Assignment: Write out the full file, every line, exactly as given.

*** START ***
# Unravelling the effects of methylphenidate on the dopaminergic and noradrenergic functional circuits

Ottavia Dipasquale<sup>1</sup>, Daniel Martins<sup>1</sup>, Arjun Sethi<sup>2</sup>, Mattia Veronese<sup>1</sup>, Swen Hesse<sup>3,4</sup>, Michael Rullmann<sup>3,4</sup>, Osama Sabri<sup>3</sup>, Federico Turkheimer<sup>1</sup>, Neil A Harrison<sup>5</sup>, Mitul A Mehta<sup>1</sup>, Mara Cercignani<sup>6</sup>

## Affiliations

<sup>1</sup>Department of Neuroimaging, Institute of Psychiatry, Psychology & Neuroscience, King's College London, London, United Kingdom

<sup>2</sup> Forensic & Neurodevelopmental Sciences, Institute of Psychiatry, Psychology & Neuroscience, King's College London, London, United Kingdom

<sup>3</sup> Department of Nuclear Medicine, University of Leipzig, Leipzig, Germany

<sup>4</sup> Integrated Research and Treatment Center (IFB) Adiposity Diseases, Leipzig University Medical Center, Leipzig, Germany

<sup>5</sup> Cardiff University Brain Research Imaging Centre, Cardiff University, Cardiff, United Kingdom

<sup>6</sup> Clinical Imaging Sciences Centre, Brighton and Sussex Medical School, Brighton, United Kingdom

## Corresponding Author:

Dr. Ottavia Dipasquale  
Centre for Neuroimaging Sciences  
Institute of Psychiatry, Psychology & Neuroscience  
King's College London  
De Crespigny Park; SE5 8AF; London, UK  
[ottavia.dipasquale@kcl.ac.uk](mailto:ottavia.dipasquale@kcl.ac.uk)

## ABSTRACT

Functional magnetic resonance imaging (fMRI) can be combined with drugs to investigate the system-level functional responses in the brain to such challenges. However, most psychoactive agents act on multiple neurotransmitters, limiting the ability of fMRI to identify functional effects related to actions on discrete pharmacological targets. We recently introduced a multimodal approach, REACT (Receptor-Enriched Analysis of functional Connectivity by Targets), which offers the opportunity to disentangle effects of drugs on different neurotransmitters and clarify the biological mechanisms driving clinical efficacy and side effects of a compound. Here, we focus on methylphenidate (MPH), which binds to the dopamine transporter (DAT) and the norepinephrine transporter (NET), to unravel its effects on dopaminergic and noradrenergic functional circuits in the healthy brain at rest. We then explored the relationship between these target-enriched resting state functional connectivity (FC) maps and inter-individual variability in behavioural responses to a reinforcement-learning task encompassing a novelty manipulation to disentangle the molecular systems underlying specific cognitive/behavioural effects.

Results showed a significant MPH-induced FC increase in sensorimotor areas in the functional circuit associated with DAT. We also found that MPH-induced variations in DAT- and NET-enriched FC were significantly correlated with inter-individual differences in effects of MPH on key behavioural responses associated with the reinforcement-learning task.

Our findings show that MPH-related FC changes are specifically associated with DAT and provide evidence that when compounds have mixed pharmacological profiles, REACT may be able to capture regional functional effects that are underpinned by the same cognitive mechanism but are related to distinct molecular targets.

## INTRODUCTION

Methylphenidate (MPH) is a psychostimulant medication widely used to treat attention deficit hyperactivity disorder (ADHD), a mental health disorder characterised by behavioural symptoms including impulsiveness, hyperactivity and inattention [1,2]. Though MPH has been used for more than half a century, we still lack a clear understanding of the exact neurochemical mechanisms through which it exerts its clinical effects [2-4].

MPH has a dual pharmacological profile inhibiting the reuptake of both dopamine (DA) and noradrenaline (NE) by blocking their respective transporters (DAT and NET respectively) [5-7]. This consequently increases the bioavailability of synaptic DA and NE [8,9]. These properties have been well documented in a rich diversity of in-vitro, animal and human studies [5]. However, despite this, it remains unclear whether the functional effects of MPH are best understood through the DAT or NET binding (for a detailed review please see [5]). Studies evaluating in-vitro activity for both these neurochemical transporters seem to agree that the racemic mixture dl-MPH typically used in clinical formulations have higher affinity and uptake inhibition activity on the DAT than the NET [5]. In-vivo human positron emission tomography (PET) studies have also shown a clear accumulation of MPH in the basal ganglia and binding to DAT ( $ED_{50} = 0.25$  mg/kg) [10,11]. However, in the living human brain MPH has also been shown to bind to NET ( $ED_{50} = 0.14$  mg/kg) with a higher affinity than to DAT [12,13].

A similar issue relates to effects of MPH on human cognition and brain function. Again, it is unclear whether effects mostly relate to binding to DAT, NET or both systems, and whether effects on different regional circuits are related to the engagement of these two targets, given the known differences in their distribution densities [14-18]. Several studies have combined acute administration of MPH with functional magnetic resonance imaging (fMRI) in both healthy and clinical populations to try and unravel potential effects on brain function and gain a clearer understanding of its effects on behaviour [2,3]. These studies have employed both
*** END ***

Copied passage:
# Unravelling the effects of methylphenidate on the dopaminergic and noradrenergic functional circuits

Ottavia Dipasquale<sup>1</sup>, Daniel Martins<sup>1</sup>, Arjun Sethi<sup>2</sup>, Mattia Veronese<sup>1</sup>, Swen Hesse<sup>3,4</sup>, Michael Rullmann<sup>3,4</sup>, Osama Sabri<sup>3</sup>, Federico Turkheimer<sup>1</sup>, Neil A Harrison<sup>5</sup>, Mitul A Mehta<sup>1</sup>, Mara Cercignani<sup>6</sup>

## Affiliations

<sup>1</sup>Department of Neuroimaging, Institute of Psychiatry, Psychology & Neuroscience, King's College London, London, United Kingdom

<sup>2</sup> Forensic & Neurodevelopmental Sciences, Institute of Psychiatry, Psychology & Neuroscience, King's College London, London, United Kingdom

<sup>3</sup> Department of Nuclear Medicine, University of Leipzig, Leipzig, Germany

<sup>4</sup> Integrated Research and Treatment Center (IFB) Adiposity Diseases, Leipzig University Medical Center, Leipzig, Germany

<sup>5</sup> Cardiff University Brain Research Imaging Centre, Cardiff University, Cardiff, United Kingdom

<sup>6</sup> Clinical Imaging Sciences Centre, Brighton and Sussex Medical School, Brighton, United Kingdom

## Corresponding Author:

Dr. Ottavia Dipasquale  
Centre for Neuroimaging Sciences  
Institute of Psychiatry, Psychology & Neuroscience  
King's College London  
De Crespigny Park; SE5 8AF; London, UK  
[ottavia.dipasquale@kcl.ac.uk](mailto:ottavia.dipasquale@kcl.ac.uk)

## ABSTRACT

Functional magnetic resonance imaging (fMRI) can be combined with drugs to investigate the system-level functional responses in the brain to such challenges. However, most psychoactive agents act on multiple neurotransmitters, limiting the ability of fMRI to identify functional effects related to actions on discrete pharmacological targets. We recently introduced a multimodal approach, REACT (Receptor-Enriched Analysis of functional Connectivity by Targets), which offers the opportunity to disentangle effects of drugs on different neurotransmitters and clarify the biological mechanisms driving clinical efficacy and side effects of a compound. Here, we focus on methylphenidate (MPH), which binds to the dopamine transporter (DAT) and the norepinephrine transporter (NET), to unravel its effects on dopaminergic and noradrenergic functional circuits in the healthy brain at rest. We then explored the relationship between these target-enriched resting state functional connectivity (FC) maps and inter-individual variability in behavioural responses to a reinforcement-learning task encompassing a novelty manipulation to disentangle the molecular systems underlying specific cognitive/behavioural effects.

Results showed a significant MPH-induced FC increase in sensorimotor areas in the functional circuit associated with DAT. We also found that MPH-induced variations in DAT- and NET-enriched FC were significantly correlated with inter-individual differences in effects of MPH on key behavioural responses associated with the reinforcement-learning task.

Our findings show that MPH-related FC changes are specifically associated with DAT and provide evidence that when compounds have mixed pharmacological profiles, REACT may be able to capture regional functional effects that are underpinned by the same cognitive mechanism but are related to distinct molecular targets.

## INTRODUCTION

Methylphenidate (MPH) is a psychostimulant medication widely used to treat attention deficit hyperactivity disorder (ADHD), a mental health disorder characterised by behavioural symptoms including impulsiveness, hyperactivity and inattention [1,2]. Though MPH has been used for more than half a century, we still lack a clear understanding of the exact neurochemical mechanisms through which it exerts its clinical effects [2-4].

MPH has a dual pharmacological profile inhibiting the reuptake of both dopamine (DA) and noradrenaline (NE) by blocking their respective transporters (DAT and NET respectively) [5-7]. This consequently increases the bioavailability of synaptic DA and NE [8,9]. These properties have been well documented in a rich diversity of in-vitro, animal and human studies [5]. However, despite this, it remains unclear whether the functional effects of MPH are best understood through the DAT or NET binding (for a detailed review please see [5]). Studies evaluating in-vitro activity for both these neurochemical transporters seem to agree that the racemic mixture dl-MPH typically used in clinical formulations have higher affinity and uptake inhibition activity on the DAT than the NET [5]. In-vivo human positron emission tomography (PET) studies have also shown a clear accumulation of MPH in the basal ganglia and binding to DAT ( $ED_{50} = 0.25$  mg/kg) [10,11]. However, in the living human brain MPH has also been shown to bind to NET ( $ED_{50} = 0.14$  mg/kg) with a higher affinity than to DAT [12,13].

A similar issue relates to effects of MPH on human cognition and brain function. Again, it is unclear whether effects mostly relate to binding to DAT, NET or both systems, and whether effects on different regional circuits are related to the engagement of these two targets, given the known differences in their distribution densities [14-18]. Several studies have combined acute administration of MPH with functional magnetic resonance imaging (fMRI) in both healthy and clinical populations to try and unravel potential effects on brain function and gain a clearer understanding of its effects on behaviour [2,3]. These studies have employed both